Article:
As part of their quality systems, these consulting firms also undertake internal reviews of the bridge designs. On major projects incorporating medium to large span bridges, a tender is put out for a peer review of the design by SANRAL.
The reviewing firm will also have experienced bridge engineers that will undertake the review of the bridge design and any constructability issues that may be of concern. All bridge designs must comply with TMH7 bridge loading and design code.
In addition, SANRAL has its own code of practice for the design of highway bridges and culverts in South Africa, which all bridge designers need to follow. Particular emphasis is placed on the safe load capacity of the bridge.
Thereafter the contractor that is appointed must build according to the Committee of Land Transportation Officials (COLTO) standard specifications for road and bridge works, which is used exclusively by road authorities. COLTO, which now operates under the COTO (Committee of Transport Officials) acronym, is published through the Department of Transport.
A tender is also put out for an independent site laboratory that is registered with the South African National Accreditation System (SANAS). The laboratory conducts construction materials testing to ensure quality of the concrete and other constituents and provides verification that the project is being constructed in accordance with the engineer’s design for material requirements.
SANRAL appoints a consulting firm to undertake the construction supervision, which comprises a site team of engineers and other support staff to supervise the project and to ensure the construction complies with the COLTO standard and project specifications.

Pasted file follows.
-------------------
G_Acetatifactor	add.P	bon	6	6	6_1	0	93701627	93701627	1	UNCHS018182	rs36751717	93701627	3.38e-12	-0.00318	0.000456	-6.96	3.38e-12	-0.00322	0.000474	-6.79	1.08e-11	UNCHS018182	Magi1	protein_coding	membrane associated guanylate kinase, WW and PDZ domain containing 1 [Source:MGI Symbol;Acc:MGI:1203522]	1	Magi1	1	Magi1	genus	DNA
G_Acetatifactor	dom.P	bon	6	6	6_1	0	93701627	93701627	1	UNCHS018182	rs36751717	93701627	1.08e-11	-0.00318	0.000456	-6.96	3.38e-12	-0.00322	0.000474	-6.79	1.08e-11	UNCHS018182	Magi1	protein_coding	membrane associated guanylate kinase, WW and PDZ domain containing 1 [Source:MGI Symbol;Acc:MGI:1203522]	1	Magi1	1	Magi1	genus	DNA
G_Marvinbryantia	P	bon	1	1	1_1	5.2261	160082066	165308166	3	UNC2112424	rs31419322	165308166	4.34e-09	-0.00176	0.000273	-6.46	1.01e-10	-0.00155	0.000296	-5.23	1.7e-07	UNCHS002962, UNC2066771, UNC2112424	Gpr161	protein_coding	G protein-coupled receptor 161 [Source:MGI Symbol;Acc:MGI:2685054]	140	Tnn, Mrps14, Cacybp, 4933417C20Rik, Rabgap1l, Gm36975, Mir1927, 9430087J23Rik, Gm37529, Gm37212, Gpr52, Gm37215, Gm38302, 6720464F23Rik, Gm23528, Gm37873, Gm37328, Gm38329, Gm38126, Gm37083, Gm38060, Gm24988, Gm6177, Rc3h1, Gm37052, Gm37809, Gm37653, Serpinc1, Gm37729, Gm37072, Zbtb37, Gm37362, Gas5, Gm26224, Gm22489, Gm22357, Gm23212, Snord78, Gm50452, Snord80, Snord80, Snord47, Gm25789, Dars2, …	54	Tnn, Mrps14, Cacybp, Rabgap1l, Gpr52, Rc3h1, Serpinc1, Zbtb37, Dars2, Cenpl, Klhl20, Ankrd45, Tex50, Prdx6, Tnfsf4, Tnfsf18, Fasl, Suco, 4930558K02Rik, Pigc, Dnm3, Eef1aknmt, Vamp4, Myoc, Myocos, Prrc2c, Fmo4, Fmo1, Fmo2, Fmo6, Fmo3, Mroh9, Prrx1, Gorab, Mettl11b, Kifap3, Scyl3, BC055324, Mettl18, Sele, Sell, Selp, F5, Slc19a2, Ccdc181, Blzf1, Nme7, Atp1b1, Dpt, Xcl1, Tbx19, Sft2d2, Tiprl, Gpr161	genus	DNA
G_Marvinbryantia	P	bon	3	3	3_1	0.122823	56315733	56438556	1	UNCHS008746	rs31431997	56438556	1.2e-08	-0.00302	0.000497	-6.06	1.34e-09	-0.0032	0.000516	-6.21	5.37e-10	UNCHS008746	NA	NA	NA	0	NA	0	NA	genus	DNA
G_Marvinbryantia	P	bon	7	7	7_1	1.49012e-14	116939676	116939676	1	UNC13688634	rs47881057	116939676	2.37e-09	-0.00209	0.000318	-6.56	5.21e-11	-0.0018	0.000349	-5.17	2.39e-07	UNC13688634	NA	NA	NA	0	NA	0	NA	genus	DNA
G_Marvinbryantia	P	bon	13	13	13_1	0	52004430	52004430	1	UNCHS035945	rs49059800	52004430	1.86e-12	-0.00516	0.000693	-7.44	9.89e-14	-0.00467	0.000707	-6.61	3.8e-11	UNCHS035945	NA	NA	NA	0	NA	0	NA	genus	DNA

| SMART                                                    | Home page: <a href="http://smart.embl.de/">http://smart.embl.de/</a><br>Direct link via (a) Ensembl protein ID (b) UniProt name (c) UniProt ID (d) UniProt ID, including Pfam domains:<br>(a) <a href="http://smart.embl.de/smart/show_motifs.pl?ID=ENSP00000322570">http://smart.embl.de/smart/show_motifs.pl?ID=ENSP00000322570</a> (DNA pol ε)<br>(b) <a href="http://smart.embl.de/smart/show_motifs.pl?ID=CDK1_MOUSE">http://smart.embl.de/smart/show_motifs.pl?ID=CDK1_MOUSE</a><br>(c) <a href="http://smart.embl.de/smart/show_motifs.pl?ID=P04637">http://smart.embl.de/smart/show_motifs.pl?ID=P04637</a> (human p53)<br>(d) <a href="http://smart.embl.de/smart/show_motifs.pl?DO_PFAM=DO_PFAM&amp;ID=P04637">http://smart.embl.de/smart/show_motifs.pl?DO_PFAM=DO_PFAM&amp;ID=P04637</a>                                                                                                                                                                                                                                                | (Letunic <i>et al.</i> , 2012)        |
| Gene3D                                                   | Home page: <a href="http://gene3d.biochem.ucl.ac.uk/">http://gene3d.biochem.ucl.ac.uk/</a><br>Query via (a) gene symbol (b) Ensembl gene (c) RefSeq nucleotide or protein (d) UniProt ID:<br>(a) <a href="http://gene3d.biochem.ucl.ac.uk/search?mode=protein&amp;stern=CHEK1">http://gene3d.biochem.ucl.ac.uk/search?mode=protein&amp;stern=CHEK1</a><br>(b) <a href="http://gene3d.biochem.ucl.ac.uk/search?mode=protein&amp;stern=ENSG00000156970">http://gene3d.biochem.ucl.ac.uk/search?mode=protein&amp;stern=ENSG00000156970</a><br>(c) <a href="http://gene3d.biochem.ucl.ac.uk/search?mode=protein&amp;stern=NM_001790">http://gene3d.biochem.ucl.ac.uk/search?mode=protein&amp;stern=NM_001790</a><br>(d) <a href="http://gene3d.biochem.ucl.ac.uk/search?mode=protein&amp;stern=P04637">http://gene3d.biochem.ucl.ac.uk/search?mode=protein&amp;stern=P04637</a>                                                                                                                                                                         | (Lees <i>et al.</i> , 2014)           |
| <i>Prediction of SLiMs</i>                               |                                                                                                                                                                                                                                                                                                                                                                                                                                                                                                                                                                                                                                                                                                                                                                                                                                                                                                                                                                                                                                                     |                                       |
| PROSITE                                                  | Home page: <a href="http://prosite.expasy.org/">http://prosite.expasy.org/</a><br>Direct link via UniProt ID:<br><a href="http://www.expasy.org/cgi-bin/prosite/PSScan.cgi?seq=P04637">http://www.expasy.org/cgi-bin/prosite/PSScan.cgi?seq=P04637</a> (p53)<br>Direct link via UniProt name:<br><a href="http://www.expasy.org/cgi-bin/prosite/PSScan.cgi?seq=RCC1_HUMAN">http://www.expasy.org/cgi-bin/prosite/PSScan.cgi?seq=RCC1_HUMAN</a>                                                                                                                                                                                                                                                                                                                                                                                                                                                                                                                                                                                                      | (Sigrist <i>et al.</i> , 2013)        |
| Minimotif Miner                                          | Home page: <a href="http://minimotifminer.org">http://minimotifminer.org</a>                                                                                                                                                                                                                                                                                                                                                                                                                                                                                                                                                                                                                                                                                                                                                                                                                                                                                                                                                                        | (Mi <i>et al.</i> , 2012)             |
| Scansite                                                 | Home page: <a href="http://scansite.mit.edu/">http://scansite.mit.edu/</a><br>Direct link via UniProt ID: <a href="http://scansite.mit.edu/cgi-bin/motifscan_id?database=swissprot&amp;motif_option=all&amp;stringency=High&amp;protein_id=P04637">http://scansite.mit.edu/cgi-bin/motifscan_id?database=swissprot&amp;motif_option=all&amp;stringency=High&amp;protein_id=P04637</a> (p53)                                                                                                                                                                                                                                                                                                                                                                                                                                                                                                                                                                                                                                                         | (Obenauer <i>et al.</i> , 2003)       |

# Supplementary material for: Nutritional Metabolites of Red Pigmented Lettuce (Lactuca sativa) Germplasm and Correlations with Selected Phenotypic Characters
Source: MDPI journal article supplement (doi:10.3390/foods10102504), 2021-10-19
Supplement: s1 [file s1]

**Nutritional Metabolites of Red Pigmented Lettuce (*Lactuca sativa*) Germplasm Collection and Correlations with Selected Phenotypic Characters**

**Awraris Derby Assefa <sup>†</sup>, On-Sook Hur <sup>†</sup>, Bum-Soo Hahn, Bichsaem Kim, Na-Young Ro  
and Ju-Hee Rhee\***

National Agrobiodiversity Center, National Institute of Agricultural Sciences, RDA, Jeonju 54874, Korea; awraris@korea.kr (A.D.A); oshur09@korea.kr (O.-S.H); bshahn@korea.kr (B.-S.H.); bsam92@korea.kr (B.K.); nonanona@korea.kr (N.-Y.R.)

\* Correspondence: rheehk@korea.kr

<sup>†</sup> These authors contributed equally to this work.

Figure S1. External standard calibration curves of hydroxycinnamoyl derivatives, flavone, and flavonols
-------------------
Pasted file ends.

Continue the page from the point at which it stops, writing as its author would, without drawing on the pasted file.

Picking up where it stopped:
A senior materials and laboratory specialist within SANRAL undertakes random audits on the site laboratory to ensure compliance with the laid down specifications as well as with the laboratory contract.
Ronny said SANRAL had a bridge network headed by bridge specialist engineer Edwin Kruger who resides at SANRAL’s head office in Pretoria. He interacts with design engineers in all aspects of bridges from concept planning through to detail design.
Dennis Rossmann, SANRAL’s materials specialist at SANRAL Eastern Region, plays a similar role as Kruger but on aspects of materials for road and bridge design and construction as well as pavement design and construction.
SANRAL’s bridge management system, which incorporates regular inspections by qualified inspectors, aims to ensure the safety of the public crossing over or under bridges and major culverts.
All bridges and major culverts are inspected by accredited inspectors every five to six years and any repair work is prioritised based on risk.
Several bridges have bagged SANRAL top awards from the South African Institution for Civil Engineering and the Concrete Society of Southern Africa for their innovation and contribution to excellence in the engineering sector.
“These awards are testimony to the high standard of work on SANRAL projects and help increase public confidence in the safety of the structures,” said Ronny.